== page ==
Things don’t always turn out as planned. That’s the lesson we learned from the 2009 transition to digital broadcasting. You remember that, right? When you got a flat TV and there was all this panic about old TV stations being turned off? Remember how it seemed like it went so smoothly?
The goal vs. the reality
One of the goals of the transition was to move all broadcasting out of the VHF bands from channels 2 through 13. These channels require a larger antenna and the larger waves can have more interference. Basically, the goal was to stop people from needing this (images are roughly to scale):
and get them to where they could simply use this:
Obviously you would want to use the bottom antenna if you could, it’s smaller and easier to put up.
Unfortunately, that didn’t end up working out for a lot of cities. In fact more than half the population lives somewhere with at least one station that still broadcasts over VHF. This isn’t a problem for many people because it isn’t a station they terribly care about. However, for those folks who want to get a beloved station (like our Fox channel 2 in Detroit) it makes buying an antenna complicated
What if you bought the wrong antenna?
A lot of those compact antennas, including millions sold by Solid Signal in the last decade, don’t get VHF channels at all. As I said, many people simply don’t worry about the one station they don’t get. However, if you feel you want that one station and you’ve already bought an antenna, it can make your entire cord-cutting experience very frustrating.
You’ll know your antenna doesn’t get VHF because it won’t have a pair of poles sticking out sideways. Here’s an antenna that doesn’t get VHF.
Here’s one that does:
If you don’t see those poles sticking out at left and right, then the chances are excellent that you have a UHF-only antenna.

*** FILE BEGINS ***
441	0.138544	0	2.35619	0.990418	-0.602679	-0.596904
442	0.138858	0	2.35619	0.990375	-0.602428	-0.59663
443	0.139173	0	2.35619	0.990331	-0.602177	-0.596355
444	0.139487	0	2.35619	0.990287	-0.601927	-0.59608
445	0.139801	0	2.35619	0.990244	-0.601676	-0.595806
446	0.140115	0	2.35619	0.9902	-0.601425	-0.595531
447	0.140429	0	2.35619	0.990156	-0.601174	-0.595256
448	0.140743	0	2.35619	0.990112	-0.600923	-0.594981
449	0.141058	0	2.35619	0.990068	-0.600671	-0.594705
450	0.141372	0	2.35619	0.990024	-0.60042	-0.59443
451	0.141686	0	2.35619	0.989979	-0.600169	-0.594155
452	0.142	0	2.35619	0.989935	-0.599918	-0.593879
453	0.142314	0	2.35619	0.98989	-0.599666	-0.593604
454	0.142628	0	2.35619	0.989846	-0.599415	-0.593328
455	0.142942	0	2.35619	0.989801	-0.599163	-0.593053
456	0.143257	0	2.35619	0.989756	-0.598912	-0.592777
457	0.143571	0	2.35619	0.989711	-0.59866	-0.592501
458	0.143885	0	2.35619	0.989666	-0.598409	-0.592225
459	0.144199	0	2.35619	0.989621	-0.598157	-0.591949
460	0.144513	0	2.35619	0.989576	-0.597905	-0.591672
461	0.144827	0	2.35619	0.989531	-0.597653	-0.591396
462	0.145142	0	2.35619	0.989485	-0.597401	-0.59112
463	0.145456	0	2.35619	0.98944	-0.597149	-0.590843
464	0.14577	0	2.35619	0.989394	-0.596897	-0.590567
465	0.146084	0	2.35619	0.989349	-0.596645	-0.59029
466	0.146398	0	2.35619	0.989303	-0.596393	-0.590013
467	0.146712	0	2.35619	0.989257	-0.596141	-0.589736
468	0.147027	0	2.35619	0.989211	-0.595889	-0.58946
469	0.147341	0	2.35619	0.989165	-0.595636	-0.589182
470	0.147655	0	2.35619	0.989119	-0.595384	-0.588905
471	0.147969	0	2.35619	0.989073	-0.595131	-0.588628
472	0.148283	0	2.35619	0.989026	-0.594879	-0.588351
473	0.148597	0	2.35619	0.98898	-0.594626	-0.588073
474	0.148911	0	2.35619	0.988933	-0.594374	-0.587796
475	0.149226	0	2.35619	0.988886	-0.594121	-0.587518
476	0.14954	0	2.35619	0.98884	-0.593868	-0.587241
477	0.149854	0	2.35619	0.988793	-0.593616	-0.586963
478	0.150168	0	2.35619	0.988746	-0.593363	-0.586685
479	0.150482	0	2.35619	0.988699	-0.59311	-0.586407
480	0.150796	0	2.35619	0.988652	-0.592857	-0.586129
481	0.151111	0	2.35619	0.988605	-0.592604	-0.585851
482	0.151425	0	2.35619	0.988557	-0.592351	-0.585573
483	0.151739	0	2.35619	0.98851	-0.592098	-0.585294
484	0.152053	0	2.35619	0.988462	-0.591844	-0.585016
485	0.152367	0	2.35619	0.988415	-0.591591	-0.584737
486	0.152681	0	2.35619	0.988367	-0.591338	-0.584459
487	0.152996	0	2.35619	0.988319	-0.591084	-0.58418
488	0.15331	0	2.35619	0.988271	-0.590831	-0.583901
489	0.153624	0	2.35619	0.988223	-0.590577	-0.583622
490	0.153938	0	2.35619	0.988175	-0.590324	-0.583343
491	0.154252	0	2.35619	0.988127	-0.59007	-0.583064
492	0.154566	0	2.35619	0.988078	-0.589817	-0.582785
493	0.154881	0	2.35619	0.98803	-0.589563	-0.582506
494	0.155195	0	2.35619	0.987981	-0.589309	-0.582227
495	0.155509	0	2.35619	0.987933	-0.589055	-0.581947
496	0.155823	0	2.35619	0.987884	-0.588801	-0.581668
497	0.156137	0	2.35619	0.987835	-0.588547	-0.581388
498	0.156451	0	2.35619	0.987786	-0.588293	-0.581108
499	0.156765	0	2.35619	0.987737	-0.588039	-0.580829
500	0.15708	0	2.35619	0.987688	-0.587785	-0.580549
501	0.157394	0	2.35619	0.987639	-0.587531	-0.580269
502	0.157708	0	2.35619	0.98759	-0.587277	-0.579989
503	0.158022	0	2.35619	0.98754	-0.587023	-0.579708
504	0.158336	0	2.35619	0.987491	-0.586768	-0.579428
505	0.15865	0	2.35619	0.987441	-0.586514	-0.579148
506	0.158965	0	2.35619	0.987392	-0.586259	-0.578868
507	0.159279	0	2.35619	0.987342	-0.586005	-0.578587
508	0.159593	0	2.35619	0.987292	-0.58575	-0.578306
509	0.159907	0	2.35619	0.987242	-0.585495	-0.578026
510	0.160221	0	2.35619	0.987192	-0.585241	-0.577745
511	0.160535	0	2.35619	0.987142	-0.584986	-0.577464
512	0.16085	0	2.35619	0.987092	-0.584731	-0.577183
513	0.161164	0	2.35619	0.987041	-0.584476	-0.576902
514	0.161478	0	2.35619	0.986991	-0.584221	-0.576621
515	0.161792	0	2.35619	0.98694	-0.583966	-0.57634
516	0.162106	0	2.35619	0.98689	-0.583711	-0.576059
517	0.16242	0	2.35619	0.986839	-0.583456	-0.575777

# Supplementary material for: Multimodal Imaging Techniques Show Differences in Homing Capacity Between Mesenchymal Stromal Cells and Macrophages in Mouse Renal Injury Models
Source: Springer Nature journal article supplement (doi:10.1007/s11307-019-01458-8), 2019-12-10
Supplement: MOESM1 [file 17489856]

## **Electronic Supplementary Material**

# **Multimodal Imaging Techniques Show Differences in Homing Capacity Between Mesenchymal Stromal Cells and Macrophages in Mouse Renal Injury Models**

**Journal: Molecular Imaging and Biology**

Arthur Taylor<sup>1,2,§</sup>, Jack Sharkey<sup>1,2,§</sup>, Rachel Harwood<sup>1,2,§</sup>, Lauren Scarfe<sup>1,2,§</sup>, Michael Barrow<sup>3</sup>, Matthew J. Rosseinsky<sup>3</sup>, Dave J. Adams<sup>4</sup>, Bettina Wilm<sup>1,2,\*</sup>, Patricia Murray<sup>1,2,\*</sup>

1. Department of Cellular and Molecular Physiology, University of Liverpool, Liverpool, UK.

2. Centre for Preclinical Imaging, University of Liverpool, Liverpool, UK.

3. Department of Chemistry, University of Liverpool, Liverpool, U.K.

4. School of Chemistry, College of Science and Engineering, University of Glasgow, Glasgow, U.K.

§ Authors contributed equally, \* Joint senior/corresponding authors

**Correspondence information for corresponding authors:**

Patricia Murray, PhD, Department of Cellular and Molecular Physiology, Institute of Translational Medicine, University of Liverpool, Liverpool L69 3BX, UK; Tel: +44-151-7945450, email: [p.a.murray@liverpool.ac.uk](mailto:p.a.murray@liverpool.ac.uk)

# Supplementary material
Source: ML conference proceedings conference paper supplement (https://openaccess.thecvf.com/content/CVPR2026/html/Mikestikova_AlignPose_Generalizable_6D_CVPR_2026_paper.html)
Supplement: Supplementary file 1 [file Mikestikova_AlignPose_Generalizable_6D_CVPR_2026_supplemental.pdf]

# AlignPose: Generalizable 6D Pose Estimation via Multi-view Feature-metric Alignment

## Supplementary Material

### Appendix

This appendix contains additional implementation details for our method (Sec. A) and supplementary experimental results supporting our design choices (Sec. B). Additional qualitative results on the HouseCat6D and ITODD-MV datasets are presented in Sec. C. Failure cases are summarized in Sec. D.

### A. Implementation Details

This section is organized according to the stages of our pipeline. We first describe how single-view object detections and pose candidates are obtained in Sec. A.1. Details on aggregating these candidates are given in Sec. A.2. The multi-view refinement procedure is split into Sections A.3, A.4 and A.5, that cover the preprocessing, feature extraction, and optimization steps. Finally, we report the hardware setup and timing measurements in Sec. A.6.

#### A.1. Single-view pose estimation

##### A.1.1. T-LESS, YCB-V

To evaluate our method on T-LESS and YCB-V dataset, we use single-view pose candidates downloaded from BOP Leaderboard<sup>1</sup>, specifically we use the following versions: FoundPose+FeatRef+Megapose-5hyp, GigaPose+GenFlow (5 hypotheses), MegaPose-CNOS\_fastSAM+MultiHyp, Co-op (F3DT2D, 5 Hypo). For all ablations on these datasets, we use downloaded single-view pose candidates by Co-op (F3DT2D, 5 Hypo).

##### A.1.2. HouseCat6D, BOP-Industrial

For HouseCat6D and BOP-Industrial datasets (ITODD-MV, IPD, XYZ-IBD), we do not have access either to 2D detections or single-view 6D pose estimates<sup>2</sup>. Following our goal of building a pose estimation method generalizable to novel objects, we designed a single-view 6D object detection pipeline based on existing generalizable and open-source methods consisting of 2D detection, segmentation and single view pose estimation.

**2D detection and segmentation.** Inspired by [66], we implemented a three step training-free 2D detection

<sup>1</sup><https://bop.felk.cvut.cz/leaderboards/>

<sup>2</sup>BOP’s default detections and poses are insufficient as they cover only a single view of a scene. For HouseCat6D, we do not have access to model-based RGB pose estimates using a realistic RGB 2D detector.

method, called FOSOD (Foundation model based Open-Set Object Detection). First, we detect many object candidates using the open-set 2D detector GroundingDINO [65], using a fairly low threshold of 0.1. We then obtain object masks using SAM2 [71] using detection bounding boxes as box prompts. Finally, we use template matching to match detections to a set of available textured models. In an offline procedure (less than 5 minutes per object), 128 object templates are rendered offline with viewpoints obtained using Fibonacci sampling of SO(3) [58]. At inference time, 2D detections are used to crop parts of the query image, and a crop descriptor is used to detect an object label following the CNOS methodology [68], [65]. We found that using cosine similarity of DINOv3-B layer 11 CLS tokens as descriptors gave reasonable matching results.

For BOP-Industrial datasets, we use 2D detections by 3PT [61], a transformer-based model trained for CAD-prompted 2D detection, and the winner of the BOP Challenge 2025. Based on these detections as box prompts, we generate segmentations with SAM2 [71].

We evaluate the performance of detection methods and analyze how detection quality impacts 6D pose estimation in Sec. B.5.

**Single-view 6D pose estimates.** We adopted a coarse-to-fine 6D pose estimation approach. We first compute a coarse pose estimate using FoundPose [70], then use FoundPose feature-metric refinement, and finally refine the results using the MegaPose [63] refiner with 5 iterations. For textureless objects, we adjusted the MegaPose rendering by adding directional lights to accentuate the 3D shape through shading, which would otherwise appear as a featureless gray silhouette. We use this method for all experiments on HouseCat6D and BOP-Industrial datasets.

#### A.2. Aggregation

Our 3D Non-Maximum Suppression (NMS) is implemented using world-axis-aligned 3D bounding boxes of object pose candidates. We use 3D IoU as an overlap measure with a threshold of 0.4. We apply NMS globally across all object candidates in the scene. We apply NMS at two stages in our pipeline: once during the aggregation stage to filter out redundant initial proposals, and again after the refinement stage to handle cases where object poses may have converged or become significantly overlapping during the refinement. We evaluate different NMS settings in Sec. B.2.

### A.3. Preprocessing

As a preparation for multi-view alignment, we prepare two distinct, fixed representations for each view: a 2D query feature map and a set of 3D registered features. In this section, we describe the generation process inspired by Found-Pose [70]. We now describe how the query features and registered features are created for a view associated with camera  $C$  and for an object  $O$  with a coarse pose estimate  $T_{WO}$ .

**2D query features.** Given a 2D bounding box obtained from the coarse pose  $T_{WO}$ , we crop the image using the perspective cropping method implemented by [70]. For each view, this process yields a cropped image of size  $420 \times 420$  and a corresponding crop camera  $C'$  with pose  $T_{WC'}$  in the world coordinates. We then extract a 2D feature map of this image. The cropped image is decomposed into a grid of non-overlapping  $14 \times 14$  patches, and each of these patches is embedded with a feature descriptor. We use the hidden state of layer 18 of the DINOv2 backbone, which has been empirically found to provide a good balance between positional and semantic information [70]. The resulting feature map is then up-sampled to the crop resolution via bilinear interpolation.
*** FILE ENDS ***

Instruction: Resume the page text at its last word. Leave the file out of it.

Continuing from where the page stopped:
What can you do?
First, figure out if you need VHF-Low.
The VHF range is split into two sections. VHF-Low is channels 2,3,4,5, and 6. VHF-High is everything else. There is a big difference between the antenna you need for channel 2 and the antenna you need for channel 13. That’s why old-school antennas are so big; they need to get both. In reality you probably only need to get one channel and it’s probably in the VHF-High range.
How can you know which channel you need?
I’ve put together a list of all cities that still have VHF-Low broadcasts. There are 29 of them currently, although that’s going to change. A lot of stations are moving to new locations. You can find an up-to-date database here.
Don’t assume that just because you’re trying to get “Channel 2” that it’s actually a VHF-Low station. TVs use a system called PSIP which translates the actual channel numbers to, literally, anything else that the broadcaster wants. This was done in 2009 so broadcasters could keep their old channel numbers and move their actual broadcast channels. You can get a list of the actual broadcast channels at tvfool.com and other places.
In our case, our Detroit channel 2 actually broadcasts on channel 7. Go figure.
If you only need VHF-High…
There’s a great option for you.
This Antennas Direct VHF Kit is designed to give VHF performance to the company’s UHF antennas. However, it will work just fine with any other model of antenna if you can figure out how to attach it. Industrial Velcro, zip ties, it’s all fair game.
The kit is easy to use. The output from your UHF antenna goes into a special combiner on the kit, and then one cable runs to your TV.
You can also simply replace your antenna with one designed for VHF-High, but you probably read this article because you didn’t want to do that.
If you want the best advice on which antenna you need, there’s nothing better than the free support you’ll get by calling the experts at Solid Signal. Their number is 877.312.4547!